Renrakuwaza - Combinations And Integrated Attack Systems

Far too often, we teach a single set of techniques, when what we should be teaching (or if you’re a competitor, training in) is a set of combinations that all stem from a single technique. The single technique that is used as a base technique is always one of the main, power throws of Judo. Throws such as Osotogari, Uchimata, Taiotoshi, are all very suitable candidates for this type of training.

This is commonly referred to as an Integrated Attacking System I’d like to provide one example, just so you can see how it works:

We’ll start with a right-sided Osoto Gari… let’s see what a typical ‘Integrated Attack System’ might look like:

1. Uke defends by stepping back with his right leg (the attacked leg) - Tori, rather than reaping, simply places his reaping right leg so that his right foot is touching uke’s right knee, and turns into Ashi Guruma. (Some Judoka prefer a very similar Harai Goshi here)

2. Uke defends by stepping back with his left leg (the non-attacked leg), preparatory to an Osoto Gaeshi counter - Tori, instead of reaping, puts his right foot down on the ground, stepping forward, and brings his left leg across to attack uke with Nidan Kosotogake. (This isn’t really a combination - since Tori’s driver leg is rarely in the correct position for this to work… this is, rather, a feint at Osotogari, and an attack … after noting what defense uke likes to use.)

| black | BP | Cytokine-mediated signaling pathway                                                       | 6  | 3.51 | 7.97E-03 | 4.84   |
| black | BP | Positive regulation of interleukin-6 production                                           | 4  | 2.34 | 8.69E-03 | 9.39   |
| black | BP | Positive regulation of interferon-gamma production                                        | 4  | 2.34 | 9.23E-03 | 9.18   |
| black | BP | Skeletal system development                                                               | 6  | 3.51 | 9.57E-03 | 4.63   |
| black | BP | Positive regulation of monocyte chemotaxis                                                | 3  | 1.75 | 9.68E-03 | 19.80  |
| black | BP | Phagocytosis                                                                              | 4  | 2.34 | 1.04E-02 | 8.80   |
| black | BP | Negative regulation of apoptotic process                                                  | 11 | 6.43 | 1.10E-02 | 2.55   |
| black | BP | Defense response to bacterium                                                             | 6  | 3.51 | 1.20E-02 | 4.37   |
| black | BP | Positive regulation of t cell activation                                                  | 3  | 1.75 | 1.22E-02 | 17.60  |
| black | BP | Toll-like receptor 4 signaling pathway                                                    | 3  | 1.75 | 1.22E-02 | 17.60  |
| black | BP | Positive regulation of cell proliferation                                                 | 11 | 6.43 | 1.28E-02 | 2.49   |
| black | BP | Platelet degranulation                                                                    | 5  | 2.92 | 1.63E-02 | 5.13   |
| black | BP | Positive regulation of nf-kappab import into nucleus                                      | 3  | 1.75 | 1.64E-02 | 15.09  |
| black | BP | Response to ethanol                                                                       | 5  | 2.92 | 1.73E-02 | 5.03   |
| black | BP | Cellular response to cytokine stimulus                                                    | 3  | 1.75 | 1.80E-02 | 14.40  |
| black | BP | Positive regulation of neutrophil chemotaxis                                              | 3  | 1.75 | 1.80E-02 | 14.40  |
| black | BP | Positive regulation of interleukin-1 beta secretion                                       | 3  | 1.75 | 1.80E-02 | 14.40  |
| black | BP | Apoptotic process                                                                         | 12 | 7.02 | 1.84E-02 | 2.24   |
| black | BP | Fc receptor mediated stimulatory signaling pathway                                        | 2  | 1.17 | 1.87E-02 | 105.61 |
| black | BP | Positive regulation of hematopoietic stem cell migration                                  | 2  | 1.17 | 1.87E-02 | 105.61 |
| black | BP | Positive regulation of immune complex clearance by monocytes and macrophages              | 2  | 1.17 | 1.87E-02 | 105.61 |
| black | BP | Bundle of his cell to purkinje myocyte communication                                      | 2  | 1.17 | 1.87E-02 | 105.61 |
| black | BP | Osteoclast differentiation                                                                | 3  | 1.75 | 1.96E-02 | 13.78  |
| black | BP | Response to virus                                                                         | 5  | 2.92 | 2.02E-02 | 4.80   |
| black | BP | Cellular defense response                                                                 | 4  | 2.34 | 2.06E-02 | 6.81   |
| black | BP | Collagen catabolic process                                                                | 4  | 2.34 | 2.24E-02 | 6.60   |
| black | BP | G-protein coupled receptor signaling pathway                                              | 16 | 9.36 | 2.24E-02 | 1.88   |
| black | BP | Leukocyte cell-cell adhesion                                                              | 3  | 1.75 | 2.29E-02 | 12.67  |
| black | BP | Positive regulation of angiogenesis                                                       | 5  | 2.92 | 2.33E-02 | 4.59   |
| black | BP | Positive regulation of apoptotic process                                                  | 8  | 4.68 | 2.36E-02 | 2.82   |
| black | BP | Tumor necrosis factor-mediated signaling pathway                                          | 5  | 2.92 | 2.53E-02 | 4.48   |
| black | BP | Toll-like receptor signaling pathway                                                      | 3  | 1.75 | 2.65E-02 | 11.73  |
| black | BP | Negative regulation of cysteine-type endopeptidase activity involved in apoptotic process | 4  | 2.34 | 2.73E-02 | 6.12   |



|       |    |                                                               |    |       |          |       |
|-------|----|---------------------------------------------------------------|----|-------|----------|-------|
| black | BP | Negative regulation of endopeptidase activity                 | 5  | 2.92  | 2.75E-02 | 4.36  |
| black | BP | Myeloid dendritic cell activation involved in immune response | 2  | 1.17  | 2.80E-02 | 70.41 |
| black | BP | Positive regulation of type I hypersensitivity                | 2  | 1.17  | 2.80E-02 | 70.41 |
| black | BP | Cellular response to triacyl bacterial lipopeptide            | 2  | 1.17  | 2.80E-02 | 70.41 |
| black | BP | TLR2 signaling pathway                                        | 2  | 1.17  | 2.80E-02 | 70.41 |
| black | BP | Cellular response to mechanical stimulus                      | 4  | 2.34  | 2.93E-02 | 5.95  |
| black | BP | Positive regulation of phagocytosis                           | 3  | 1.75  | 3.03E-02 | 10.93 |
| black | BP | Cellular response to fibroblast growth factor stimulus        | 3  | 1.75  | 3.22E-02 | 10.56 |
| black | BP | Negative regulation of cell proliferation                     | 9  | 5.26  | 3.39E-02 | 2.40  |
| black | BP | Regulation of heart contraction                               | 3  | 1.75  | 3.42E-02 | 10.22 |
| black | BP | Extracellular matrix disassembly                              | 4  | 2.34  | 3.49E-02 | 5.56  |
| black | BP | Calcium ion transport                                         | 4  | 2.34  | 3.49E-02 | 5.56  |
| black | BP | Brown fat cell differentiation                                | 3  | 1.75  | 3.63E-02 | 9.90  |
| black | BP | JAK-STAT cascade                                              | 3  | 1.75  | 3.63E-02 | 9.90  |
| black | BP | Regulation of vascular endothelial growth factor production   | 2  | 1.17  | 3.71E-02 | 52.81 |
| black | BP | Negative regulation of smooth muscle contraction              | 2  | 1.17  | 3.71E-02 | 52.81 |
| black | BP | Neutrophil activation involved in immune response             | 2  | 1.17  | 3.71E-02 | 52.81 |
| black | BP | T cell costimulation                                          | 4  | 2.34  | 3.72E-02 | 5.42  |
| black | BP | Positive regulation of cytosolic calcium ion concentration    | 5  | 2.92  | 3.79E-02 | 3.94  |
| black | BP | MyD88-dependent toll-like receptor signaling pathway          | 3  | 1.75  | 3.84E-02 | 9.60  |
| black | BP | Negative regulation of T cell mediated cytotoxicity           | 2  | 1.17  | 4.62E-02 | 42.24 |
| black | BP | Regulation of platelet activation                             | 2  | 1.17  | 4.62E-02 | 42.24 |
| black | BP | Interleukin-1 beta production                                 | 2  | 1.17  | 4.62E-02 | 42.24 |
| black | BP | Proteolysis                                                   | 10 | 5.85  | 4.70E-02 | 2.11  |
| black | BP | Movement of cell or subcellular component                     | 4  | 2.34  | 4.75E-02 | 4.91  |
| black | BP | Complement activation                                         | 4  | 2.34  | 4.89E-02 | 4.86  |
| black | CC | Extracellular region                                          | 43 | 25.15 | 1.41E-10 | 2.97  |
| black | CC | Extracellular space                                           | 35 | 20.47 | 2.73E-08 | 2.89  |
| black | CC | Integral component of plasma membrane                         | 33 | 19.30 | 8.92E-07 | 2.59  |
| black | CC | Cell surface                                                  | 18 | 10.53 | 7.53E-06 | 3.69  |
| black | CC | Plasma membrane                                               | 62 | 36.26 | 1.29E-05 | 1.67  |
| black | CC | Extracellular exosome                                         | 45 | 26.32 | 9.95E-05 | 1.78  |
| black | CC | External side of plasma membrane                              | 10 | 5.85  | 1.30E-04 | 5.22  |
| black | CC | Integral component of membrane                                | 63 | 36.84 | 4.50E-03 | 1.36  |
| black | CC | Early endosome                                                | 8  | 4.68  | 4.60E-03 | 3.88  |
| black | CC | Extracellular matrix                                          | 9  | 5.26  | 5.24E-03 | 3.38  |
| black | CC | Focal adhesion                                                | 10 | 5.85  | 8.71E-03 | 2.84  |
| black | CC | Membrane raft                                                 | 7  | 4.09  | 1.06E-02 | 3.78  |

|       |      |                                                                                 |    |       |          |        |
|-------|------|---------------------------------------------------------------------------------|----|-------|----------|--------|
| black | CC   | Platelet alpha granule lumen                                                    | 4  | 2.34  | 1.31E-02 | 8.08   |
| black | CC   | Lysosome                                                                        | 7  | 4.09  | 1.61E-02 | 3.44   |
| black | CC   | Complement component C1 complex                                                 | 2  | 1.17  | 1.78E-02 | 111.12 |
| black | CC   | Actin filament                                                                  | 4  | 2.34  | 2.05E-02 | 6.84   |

3. Uke defends by getting all his weight off his attacked leg - Tori hops into a left-sided Sasae Tsuri Komi Ashi. Another nice throw from here is a right-side Ouchigari.

4. Uke defends by attempting Tani Otoshi - Tori immediately shifts to Ouchigari, and keeps a rotation to the left, both to stop the Tani Otoshi, and to ensure he’s on top when both Judoka hit the mat. 

Do you see the difference here? Instead of teaching combinations (Renrakuwaza) in the traditional form of technique 1 - technique 2, technique 1, technique 2, and so forth…  you start with just one technique, and cover all of the common defenses - and what the attack can shift to. This is a wonderful way to bring up throws that aren’t used nearly as often, such as Nidan Kosotogake.